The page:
Illness kills boy who endured two bone marrow transplants

  • @jeremylaurance
RHYS DANIELS, the boy who had two bone marrow transplants in an attempt to cure him of a fatal inherited disease, has died.

The six-year-old, who had the genetic disorder Batten's disease, became known nationally because of his parents' efforts to save his life. Barry and Carmen Daniels, who have adaughter, Charly, aged nine, with the same condition, fought to obtain the best treatment for Daniel, which led them to challenge the previous government in the High Court.

Last September, as the conditions of both children deteriorated, they announced that they would not subject them to further painful treatment and the next time they contracted a serious illness they would be allowed to die. They said they believed Rhys and Charly had suffered enough.

Yesterday, a friend of the family said the paarents were too upset to speak about the loss. "Rhys passed away last night and they are coming to terms with it," she said.

Batten's disease is a metabolic disorder which takes hold at about the age of three and progressively causes blindness, dementia and immobility, and usually kills sufferers by the age of 10. Rhys was diagnosed at two and his parents believed radical treatment might save him. Despite two transplants his condition worsened in the past year till he was blind, confined to a wheelchair and had to be fed through a tube.

Charly, who was diagnosed too late for treatment, is also now blind, unable to use her limbs and can no longer communicate. At the time of their announcement that they had given up the fight to save them, the Daniels signed forms saying that there should be no life support for the children. Speaking at the time, Barry Daniels said: "It was agonising, heartbreaking, dreadful, but we have to do what is best for our kids. It is not a decision we ever wanted to have to make ... But we have decided that when Rhys and Charly next fall ill or get an infection we don't want them being rushed to hospital and having needles and tubes stuck in them. We don't want them to be resuscitated. We want them here at home where we can soak them up in our love and let them die peacefully."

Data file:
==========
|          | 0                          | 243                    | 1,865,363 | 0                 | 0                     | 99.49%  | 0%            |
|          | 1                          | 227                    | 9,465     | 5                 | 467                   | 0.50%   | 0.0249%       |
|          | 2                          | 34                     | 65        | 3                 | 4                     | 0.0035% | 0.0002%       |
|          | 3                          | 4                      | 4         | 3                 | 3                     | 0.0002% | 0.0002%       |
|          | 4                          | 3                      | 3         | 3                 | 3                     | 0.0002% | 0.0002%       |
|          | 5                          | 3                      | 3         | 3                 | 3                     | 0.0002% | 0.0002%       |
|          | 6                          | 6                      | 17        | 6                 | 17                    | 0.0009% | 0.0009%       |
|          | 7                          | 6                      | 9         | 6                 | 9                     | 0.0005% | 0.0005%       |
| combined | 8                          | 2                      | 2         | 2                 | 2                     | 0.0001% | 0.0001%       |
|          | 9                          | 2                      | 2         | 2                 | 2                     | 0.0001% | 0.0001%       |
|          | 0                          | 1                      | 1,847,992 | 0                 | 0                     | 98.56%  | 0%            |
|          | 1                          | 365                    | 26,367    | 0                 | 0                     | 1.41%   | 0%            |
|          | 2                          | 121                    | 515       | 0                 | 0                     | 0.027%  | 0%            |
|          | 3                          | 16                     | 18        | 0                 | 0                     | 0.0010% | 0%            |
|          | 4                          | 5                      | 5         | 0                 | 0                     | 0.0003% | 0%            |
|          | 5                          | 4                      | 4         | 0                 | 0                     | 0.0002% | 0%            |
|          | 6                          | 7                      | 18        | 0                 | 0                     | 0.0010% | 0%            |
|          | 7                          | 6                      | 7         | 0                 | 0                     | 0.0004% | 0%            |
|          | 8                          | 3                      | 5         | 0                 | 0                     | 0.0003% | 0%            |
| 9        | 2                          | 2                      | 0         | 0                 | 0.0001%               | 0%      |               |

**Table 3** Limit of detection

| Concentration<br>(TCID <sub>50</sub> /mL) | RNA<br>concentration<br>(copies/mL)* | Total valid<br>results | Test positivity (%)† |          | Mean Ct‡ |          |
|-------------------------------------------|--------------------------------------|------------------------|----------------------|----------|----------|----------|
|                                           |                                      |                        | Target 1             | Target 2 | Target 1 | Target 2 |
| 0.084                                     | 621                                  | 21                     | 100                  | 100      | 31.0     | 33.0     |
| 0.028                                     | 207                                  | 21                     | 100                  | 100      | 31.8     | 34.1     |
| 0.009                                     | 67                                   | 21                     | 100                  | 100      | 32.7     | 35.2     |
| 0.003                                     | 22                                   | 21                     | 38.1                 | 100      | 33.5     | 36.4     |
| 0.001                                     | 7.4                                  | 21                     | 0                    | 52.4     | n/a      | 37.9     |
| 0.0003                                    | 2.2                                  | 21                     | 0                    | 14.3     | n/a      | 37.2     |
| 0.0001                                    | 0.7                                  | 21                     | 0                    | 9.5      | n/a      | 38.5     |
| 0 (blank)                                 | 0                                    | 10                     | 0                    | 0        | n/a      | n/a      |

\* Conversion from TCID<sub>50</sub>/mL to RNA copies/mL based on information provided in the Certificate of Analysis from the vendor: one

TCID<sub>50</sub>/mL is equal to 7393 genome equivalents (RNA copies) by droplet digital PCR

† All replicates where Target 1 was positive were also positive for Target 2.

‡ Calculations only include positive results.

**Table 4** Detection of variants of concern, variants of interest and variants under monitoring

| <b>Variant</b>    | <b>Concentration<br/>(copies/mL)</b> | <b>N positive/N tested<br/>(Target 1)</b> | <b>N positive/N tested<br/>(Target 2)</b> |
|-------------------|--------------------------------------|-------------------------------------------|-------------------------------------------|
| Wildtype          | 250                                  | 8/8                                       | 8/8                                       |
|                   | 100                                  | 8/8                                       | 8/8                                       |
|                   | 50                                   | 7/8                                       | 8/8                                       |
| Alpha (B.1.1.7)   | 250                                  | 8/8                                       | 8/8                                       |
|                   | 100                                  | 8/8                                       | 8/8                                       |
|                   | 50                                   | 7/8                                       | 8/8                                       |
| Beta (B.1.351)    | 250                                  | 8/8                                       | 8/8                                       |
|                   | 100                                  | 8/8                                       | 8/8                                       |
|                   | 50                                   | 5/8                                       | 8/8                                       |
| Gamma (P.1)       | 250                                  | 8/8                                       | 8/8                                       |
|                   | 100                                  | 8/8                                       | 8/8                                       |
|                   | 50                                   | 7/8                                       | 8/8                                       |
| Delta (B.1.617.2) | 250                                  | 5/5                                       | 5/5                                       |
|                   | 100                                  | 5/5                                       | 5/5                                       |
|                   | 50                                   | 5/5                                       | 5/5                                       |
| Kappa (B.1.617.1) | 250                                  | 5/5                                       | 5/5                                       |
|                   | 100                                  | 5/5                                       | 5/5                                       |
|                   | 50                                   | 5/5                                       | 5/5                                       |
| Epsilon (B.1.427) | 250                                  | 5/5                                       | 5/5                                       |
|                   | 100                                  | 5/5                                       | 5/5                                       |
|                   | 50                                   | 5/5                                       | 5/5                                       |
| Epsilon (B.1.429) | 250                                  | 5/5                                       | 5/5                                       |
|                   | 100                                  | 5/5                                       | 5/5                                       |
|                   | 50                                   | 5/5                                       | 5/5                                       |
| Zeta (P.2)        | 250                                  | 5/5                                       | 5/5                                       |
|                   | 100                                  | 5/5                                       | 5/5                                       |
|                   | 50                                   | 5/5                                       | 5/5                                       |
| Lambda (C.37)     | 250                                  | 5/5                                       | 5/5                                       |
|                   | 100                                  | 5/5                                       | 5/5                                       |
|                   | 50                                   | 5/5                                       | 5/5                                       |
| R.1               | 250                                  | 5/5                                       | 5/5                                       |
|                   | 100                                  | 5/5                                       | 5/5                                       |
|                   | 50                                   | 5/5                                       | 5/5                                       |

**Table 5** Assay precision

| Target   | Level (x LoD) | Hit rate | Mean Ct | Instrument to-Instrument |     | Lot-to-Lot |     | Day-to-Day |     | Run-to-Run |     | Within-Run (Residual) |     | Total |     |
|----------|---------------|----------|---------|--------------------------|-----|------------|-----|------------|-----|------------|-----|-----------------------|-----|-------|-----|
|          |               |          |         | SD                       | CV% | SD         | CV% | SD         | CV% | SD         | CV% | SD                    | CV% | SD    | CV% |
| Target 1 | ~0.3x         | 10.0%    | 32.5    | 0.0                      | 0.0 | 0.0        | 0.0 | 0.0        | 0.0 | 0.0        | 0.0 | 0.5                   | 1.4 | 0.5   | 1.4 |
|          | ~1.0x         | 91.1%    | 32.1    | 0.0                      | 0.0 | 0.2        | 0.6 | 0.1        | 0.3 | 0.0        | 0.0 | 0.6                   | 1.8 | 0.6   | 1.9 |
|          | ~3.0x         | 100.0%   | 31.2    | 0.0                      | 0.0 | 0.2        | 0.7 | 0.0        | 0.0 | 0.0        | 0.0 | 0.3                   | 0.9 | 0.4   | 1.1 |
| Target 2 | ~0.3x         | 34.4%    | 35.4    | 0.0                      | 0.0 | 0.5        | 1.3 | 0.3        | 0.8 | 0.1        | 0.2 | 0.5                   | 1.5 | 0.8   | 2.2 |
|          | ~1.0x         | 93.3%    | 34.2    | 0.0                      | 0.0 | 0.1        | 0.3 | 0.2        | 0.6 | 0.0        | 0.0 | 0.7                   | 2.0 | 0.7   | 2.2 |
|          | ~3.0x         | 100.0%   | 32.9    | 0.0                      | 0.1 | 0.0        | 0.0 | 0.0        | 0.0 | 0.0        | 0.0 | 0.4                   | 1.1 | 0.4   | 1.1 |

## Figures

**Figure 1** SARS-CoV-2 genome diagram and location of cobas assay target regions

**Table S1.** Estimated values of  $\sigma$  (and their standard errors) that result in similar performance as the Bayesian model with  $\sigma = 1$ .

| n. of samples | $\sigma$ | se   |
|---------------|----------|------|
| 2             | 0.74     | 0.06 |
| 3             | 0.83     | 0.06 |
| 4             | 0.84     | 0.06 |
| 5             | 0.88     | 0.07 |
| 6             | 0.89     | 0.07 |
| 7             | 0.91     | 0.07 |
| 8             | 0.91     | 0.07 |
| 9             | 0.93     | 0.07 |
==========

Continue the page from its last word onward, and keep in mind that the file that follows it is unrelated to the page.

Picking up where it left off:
Rhys became the first child in the world to have a bone marrow transplant for Batten's disease after his father spent months persuading doctors to carry it out. Then Westminster Children's Hospital, where he was being treated, was closed and it took further months of searching to find a hospital prepared to carry out the surgery. The Daniels challenged the government's decision to close the Westminster hospital in the High Court, which concluded that the decision had cost Rhys "valuable, perhaps vital, time". The transplant was finally conducted at the Bristol Royal Hospital for Sick Children. It failed, and so did a second, leaving Rhys prone to infections.

Mr Daniels, who founded a charity to raise money for sufferers of the disease for which he now works full time, said he had never regretted the treatment Rhys had endured because it might have worked. "You don't know until you try it," he said. The couple has a second daughter, Bliss, almost two, who does not have the disease.